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Farewell, Ham Tan Arty: An Artilleryman’s Journal during the Vietnam War Drawdown by Gerald Herter is a Salute Military Event pick #military #memoir #giveaway



Title: Farewell, Ham Tan Arty

An Artilleryman’s Journal during the Vietnam War Drawdown

 

Author: Gerald Herter

 

Genre: Military Memoir - Vietnam

 

Book Blurb:

 

A college senior graduating today may face the daunting challenges of mountainous student debt and questionable job prospects, but not the horrific predicament a student of the 1960’s confronted with the military draft and imminent deployment to fight a deadly and thankless war in Vietnam. FAREWELL, HAM TAN ARTY, An Artilleryman’s Journal during the Vietnam War Drawdown, takes you back with the author as he contemplated the options: flee to Canada, seek special favors to avoid serving, or answer my country’s call.


Much has been written of battles, heroic actions, and fatal political blunders. But what about the average young person pursuing the daily tasks of life, amidst a campus torn by anti-war protests, through dehumanizing training in the sweltering heat of a Georgia summer, playing at war in the former Nazi camps of Germany, then finally on the ground in Vietnam, hoping to survive while carrying out orders from distant generals, and calming the fears of loved ones back home.


My experiences as an artillery officer, advancing from fire bases to province headquarters, speak out from a dust-stained journal, next to letters home nuanced to soften depictions of the dangers of the war zone that lay hidden between the lines. Modern readers seek to go behind the sensationalism of war to contemplate how relationships were maintained with loved ones so far away, and the importance of those connections for boosting morale and fostering hope for the future. Whether through letters written, “Care” packages received, or a remote MARS radiophone call to a mother on Christmas Eve from deep within the distant hinterlands of Vietnam, the feelings expressed melt away the miles, at least for a moment.

 

Excerpt:

 

Note to reader – Sections in italics and placed within brackets [ ] are current day commentary.

 

20 Dec 1970 

 

Last night we received our second mortar attack in the last couple days. At about 9:30 PM incoming rounds hit inside our perimeter. We immediately called our battery at Apache, which is within our range, and had them start firing at suspected enemy mortar positions. Next, I ran to the hootch and donned my steel helmet, flak jacket, and M-16 rifle. I returned to the radios and kept them going while the other men got their weapons & set up the machine gun, in case the enemy managed to get through the defensive perimeter.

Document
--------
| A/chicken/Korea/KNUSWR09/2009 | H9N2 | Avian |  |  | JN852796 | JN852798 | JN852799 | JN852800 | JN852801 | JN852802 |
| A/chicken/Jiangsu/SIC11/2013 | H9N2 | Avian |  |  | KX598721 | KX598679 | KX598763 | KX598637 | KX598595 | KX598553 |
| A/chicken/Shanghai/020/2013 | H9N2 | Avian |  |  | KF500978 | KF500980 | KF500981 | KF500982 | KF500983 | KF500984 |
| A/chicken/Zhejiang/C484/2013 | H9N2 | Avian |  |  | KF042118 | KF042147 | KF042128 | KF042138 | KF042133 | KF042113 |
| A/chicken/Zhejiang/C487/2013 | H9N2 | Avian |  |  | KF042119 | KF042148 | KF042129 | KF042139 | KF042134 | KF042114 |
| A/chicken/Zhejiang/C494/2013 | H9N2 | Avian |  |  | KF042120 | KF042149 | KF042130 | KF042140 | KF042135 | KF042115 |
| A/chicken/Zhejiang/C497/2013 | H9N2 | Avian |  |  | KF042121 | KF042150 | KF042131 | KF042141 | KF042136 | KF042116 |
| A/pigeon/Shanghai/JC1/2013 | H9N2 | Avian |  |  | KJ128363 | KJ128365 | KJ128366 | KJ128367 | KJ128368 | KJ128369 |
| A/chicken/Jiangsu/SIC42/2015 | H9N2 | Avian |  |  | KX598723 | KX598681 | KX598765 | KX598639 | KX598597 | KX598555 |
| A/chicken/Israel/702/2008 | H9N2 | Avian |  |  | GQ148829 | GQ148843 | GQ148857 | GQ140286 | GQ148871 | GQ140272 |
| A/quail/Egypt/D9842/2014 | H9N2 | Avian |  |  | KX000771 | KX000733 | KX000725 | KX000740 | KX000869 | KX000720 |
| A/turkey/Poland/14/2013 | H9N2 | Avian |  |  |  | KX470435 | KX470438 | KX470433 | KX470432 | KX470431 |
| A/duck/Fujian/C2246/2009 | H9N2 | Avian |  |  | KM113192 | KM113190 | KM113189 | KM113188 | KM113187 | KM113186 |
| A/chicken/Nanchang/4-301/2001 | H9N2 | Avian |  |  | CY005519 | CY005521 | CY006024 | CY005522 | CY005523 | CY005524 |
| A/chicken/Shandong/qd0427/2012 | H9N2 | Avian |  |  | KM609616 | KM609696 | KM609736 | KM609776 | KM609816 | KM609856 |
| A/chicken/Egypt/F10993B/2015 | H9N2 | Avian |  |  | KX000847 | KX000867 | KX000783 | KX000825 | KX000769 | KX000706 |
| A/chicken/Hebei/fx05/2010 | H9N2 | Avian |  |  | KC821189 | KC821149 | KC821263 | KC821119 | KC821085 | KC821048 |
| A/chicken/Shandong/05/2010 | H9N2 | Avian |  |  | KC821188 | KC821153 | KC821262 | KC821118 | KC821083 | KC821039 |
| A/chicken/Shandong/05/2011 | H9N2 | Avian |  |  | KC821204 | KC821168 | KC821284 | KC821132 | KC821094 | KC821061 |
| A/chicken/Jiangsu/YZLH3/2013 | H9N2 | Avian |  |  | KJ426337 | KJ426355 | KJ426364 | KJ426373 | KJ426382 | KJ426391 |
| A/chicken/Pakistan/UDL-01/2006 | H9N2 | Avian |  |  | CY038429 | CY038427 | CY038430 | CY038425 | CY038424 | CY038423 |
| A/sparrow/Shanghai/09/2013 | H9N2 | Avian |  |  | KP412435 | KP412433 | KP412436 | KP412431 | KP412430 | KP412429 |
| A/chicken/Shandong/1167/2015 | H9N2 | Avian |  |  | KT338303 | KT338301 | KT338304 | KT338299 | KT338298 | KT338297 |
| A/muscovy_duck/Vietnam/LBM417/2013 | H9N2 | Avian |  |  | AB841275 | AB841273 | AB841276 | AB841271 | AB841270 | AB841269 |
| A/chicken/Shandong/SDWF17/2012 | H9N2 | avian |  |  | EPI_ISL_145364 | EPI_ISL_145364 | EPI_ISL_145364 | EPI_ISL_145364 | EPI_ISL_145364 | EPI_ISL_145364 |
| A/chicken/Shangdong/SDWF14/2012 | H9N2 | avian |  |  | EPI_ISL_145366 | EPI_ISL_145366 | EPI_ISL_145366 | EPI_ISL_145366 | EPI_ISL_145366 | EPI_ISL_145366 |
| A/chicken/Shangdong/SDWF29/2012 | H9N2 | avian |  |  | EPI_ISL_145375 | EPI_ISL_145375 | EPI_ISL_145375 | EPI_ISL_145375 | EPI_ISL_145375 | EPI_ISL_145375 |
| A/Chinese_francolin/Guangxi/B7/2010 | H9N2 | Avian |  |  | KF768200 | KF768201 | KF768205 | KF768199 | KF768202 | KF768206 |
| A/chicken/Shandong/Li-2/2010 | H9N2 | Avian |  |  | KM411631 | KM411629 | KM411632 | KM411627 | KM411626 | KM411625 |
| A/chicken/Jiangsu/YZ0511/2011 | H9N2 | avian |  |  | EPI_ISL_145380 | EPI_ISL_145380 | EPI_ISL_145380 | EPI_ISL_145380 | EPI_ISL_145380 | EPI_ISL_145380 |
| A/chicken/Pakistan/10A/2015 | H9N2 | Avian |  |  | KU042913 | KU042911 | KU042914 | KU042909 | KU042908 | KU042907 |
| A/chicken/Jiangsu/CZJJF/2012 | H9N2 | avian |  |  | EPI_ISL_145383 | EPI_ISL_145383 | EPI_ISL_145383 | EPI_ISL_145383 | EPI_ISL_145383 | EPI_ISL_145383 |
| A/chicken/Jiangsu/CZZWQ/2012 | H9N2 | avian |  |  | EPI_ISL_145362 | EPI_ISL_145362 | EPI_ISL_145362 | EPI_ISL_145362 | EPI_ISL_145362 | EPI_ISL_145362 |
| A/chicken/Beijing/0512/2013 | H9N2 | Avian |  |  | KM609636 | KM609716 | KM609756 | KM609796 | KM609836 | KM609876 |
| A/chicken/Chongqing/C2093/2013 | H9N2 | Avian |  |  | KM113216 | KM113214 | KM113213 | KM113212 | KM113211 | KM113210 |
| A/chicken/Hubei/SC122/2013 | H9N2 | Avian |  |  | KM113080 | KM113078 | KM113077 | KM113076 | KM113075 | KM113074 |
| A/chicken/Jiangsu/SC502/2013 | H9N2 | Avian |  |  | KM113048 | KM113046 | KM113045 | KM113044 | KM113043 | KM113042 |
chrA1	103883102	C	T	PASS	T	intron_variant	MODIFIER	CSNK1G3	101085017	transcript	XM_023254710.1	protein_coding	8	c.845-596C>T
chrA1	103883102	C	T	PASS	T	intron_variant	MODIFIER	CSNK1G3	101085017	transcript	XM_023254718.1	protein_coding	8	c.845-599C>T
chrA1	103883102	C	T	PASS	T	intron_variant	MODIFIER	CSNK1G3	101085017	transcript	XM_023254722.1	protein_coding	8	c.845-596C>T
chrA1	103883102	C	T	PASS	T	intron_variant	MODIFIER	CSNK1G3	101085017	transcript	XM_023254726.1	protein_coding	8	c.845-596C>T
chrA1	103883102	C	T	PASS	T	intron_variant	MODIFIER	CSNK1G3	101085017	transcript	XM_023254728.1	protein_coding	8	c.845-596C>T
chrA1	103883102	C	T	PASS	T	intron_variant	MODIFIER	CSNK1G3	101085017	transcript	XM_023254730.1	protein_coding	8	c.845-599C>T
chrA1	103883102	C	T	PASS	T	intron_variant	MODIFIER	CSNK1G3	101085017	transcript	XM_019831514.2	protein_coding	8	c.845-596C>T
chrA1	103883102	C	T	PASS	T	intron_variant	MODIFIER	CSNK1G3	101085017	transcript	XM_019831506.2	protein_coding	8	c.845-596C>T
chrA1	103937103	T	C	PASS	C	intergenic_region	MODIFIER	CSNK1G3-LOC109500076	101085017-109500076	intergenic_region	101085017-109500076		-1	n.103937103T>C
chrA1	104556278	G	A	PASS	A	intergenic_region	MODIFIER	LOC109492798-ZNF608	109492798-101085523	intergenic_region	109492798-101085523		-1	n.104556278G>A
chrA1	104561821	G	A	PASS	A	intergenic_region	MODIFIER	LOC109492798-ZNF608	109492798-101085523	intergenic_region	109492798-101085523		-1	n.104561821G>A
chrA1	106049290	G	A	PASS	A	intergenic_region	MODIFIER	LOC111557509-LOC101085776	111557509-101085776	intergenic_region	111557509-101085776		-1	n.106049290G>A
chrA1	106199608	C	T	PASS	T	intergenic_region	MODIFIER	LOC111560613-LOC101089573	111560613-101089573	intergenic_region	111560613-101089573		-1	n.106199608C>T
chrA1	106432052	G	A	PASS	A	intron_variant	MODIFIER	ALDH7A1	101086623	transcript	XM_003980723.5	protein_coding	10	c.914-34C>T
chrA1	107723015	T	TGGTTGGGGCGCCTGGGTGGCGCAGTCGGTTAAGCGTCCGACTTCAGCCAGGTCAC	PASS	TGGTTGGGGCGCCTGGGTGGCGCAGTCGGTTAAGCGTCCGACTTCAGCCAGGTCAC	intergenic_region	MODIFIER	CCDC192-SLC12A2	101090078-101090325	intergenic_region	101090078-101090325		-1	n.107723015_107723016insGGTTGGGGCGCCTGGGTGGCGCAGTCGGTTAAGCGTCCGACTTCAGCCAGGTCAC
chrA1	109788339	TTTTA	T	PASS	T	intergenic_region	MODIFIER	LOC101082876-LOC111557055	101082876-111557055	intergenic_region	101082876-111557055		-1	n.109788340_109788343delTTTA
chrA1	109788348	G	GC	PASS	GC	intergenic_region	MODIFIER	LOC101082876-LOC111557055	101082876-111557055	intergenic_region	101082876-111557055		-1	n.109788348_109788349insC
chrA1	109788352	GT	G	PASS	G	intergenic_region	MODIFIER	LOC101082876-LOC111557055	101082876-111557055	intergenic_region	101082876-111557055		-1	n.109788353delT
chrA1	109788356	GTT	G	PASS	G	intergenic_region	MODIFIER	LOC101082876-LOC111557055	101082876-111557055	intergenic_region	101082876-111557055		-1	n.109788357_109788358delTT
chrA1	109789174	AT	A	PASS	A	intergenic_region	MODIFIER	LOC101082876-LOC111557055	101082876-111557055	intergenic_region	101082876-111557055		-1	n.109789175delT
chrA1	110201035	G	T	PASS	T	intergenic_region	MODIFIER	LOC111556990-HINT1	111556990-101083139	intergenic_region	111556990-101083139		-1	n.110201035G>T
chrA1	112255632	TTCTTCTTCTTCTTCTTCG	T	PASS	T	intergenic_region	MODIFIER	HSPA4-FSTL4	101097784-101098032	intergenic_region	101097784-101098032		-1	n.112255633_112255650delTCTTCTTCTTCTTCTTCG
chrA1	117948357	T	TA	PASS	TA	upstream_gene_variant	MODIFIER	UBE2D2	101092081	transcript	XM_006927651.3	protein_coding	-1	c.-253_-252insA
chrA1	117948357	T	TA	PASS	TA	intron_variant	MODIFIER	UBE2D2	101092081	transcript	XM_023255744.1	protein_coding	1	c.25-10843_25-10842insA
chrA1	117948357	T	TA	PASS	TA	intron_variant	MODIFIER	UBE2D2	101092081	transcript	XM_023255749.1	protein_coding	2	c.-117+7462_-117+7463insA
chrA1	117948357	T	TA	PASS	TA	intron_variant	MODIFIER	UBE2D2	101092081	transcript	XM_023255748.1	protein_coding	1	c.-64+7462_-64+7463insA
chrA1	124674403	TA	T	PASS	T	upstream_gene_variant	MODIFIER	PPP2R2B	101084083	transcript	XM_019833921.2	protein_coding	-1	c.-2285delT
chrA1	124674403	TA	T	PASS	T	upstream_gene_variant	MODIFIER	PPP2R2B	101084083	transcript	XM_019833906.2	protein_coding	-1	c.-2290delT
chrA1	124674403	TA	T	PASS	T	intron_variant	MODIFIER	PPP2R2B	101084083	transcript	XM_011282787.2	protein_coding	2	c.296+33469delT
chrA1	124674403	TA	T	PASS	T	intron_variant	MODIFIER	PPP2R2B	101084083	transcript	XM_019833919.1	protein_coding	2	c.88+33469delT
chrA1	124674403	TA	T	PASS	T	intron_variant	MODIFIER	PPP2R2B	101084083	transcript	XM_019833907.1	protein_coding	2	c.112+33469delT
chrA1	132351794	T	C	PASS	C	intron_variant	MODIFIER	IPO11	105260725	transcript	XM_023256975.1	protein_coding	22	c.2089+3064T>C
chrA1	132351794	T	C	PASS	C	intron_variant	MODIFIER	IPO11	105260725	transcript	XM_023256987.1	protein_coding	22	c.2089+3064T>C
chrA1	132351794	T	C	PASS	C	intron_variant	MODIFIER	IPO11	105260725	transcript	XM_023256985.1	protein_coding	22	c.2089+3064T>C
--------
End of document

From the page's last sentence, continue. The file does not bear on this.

Several more mortars hit, and guard bunkers on North, East, and West sides of the berm reported receiving small arms fire. By 10:30 PM, things started to quiet down. This attack was a little more disturbing than the one a couple days earlier. Five of the mortar rounds landed on the base itself. Fortunately, there were no casualties, but a couple generators and other equipment were destroyed. It looks like the enemy is building up for a Christmas offensive.

 

[When I was preparing to deploy to Vietnam, a question arose in the back of my mind: If I found myself in a combat situation, would I be courageous or a coward? I don’t think a person can really tell until it happens. Anticipating such occurrences, the army tries to prepare soldiers.

 

 In the artillery, there are two primary circumstances where artillerymen are subject to attack. The forward observer (FO) is an artillery lieutenant who has been imbedded with an infantry unit out on patrol. When the infantry unit makes contact with the enemy, the FO, in coordination with the commander on the ground, determines the enemy location and calls by radio to the supporting unit to provide artillery fire.

 

The other circumstance occurs when the firebase comes under attack. In this situation, defensive action needs to be taken. A real concern is that a sapper attack may be underway. A contingency plan is developed and put into place ahead of time. Soldiers are briefed and trained on the specific steps to take. Nothing is left to chance, realizing that an attack can bring severe stress and confusion.

 

Our Forward TOC (tactical operations center) consisted of only four soldiers and a small sector of the base perimeter to defend. Our radios and operations center were situated in an enclosed container on the back of a five-ton truck. When the attack commenced, everyone was to immediately grab their M-16 rifle, and don helmet and flak jacket. Then two pre-assigned team members were to retrieve the machine gun and set it up on top. The machine gun team scanned the field of fire. The others kept an eye on the interior of the base while communicating on the radio. Once fire support was established from the nearby artillery battery, then headquarters was informed of the situation.